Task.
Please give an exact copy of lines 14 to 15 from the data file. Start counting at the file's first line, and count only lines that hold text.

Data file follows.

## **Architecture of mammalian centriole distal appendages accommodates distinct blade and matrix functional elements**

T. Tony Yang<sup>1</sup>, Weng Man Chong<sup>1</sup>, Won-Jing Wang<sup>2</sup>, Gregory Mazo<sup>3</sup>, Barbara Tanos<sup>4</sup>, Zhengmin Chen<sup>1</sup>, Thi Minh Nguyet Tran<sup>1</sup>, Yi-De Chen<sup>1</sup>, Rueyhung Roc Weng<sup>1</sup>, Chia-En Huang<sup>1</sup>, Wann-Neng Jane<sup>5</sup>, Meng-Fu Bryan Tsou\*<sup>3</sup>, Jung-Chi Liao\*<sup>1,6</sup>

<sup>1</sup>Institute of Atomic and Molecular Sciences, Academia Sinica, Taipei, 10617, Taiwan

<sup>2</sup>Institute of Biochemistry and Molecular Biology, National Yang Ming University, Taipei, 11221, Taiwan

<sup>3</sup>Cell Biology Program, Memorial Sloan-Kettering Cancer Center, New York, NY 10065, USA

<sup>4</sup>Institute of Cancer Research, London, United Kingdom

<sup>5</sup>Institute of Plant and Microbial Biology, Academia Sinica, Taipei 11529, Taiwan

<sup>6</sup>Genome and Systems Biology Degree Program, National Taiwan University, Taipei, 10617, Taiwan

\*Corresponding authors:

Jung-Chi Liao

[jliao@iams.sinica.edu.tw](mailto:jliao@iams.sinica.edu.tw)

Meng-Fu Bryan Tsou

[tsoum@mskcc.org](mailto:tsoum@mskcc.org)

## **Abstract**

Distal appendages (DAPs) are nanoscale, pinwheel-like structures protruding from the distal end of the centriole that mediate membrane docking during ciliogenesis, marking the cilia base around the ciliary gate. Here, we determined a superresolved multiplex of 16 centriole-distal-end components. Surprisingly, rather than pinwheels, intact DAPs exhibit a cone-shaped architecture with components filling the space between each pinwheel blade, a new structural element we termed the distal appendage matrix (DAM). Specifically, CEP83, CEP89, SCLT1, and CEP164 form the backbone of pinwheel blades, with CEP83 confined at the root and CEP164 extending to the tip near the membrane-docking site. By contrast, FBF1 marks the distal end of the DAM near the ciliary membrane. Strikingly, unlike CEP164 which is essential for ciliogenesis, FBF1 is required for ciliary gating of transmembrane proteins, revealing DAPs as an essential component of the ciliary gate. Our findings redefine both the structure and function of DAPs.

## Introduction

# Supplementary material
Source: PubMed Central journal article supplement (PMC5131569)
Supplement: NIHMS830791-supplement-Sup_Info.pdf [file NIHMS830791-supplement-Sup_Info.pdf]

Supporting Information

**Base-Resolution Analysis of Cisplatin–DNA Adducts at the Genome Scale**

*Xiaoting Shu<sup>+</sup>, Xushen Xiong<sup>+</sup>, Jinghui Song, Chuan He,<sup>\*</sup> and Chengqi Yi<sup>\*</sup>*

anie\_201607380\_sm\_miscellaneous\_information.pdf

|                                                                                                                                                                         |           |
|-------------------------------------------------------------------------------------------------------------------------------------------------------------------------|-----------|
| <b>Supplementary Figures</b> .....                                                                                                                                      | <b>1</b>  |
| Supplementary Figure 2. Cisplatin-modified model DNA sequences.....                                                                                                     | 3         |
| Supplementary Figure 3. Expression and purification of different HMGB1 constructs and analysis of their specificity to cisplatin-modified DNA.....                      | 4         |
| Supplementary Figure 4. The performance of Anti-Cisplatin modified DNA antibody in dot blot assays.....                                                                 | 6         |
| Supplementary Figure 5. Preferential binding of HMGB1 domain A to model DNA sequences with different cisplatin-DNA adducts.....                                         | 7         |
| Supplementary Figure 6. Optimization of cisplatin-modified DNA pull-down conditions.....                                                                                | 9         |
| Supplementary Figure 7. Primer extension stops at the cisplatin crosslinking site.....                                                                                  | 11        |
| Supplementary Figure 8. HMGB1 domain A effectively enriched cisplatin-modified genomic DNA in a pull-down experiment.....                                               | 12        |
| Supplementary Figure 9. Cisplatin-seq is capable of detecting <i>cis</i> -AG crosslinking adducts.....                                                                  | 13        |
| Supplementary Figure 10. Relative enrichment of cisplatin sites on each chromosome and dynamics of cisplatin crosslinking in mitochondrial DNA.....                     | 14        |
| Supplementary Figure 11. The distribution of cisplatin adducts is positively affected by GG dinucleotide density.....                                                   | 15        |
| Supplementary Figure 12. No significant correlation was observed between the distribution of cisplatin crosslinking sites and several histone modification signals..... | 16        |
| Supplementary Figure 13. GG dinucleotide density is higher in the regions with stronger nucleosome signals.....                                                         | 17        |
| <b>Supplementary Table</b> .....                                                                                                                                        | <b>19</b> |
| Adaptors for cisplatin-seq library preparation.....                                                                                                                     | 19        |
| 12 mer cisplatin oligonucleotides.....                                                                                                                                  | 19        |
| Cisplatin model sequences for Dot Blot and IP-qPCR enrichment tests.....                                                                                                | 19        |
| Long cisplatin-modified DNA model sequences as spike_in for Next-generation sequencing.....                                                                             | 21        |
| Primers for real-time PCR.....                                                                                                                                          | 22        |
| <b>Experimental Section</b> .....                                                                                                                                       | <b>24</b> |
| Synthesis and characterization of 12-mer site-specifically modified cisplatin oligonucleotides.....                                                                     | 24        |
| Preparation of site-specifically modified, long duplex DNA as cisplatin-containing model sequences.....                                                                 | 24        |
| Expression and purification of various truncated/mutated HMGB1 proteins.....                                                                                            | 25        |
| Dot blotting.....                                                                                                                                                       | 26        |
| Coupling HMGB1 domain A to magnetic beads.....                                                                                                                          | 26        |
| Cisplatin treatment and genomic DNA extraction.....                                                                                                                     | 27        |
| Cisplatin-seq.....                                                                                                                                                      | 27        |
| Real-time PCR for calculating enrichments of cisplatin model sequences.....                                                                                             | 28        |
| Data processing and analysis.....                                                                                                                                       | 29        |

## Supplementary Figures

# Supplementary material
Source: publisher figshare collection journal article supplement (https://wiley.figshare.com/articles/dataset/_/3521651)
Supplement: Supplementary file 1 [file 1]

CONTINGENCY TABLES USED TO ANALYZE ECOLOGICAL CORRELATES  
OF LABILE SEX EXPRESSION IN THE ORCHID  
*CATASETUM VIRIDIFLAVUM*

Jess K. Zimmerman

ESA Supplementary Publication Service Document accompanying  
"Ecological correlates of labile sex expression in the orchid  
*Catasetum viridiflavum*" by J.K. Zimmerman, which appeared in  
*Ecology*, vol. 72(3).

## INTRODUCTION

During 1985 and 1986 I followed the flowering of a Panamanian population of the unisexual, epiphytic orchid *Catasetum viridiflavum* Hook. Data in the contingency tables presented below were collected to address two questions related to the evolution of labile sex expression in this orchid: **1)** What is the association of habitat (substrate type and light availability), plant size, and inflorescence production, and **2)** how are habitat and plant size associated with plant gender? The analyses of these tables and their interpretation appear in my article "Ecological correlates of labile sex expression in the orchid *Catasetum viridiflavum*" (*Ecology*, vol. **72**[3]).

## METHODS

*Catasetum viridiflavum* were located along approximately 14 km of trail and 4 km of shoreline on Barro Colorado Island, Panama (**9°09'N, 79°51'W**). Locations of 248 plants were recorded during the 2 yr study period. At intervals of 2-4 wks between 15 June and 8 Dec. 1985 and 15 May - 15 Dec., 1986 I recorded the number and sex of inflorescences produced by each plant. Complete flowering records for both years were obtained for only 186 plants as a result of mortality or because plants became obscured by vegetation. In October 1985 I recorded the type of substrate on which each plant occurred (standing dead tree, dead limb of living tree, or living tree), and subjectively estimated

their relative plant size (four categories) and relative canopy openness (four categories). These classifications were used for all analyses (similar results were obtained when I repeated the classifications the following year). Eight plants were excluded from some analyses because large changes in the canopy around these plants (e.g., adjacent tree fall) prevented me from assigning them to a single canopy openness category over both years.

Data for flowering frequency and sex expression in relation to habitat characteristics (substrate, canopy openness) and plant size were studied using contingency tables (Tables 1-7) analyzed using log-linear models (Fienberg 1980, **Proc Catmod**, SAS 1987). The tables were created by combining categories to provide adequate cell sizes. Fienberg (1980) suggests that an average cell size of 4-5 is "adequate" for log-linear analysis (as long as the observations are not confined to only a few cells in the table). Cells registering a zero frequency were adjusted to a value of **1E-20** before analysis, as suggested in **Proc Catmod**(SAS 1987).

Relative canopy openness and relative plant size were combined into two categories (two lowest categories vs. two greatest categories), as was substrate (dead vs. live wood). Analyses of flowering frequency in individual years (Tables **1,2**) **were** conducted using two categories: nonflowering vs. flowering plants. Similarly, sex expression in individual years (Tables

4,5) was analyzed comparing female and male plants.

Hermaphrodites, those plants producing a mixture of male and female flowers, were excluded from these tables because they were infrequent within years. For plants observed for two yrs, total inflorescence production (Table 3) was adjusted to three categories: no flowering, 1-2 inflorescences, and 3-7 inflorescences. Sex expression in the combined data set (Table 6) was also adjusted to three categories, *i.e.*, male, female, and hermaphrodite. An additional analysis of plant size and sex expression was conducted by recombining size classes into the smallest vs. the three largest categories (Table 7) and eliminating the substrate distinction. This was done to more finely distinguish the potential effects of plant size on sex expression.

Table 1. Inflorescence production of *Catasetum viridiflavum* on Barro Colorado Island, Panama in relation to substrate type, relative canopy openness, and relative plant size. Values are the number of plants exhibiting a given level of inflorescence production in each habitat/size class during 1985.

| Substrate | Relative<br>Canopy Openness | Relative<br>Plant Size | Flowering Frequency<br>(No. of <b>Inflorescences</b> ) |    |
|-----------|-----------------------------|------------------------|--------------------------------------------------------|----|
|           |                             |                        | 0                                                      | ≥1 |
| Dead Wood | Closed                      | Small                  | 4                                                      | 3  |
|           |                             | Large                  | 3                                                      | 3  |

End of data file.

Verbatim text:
## **Abstract**

Distal appendages (DAPs) are nanoscale, pinwheel-like structures protruding from the distal end of the centriole that mediate membrane docking during ciliogenesis, marking the cilia base around the ciliary gate. Here, we determined a superresolved multiplex of 16 centriole-distal-end components. Surprisingly, rather than pinwheels, intact DAPs exhibit a cone-shaped architecture with components filling the space between each pinwheel blade, a new structural element we termed the distal appendage matrix (DAM). Specifically, CEP83, CEP89, SCLT1, and CEP164 form the backbone of pinwheel blades, with CEP83 confined at the root and CEP164 extending to the tip near the membrane-docking site. By contrast, FBF1 marks the distal end of the DAM near the ciliary membrane. Strikingly, unlike CEP164 which is essential for ciliogenesis, FBF1 is required for ciliary gating of transmembrane proteins, revealing DAPs as an essential component of the ciliary gate. Our findings redefine both the structure and function of DAPs.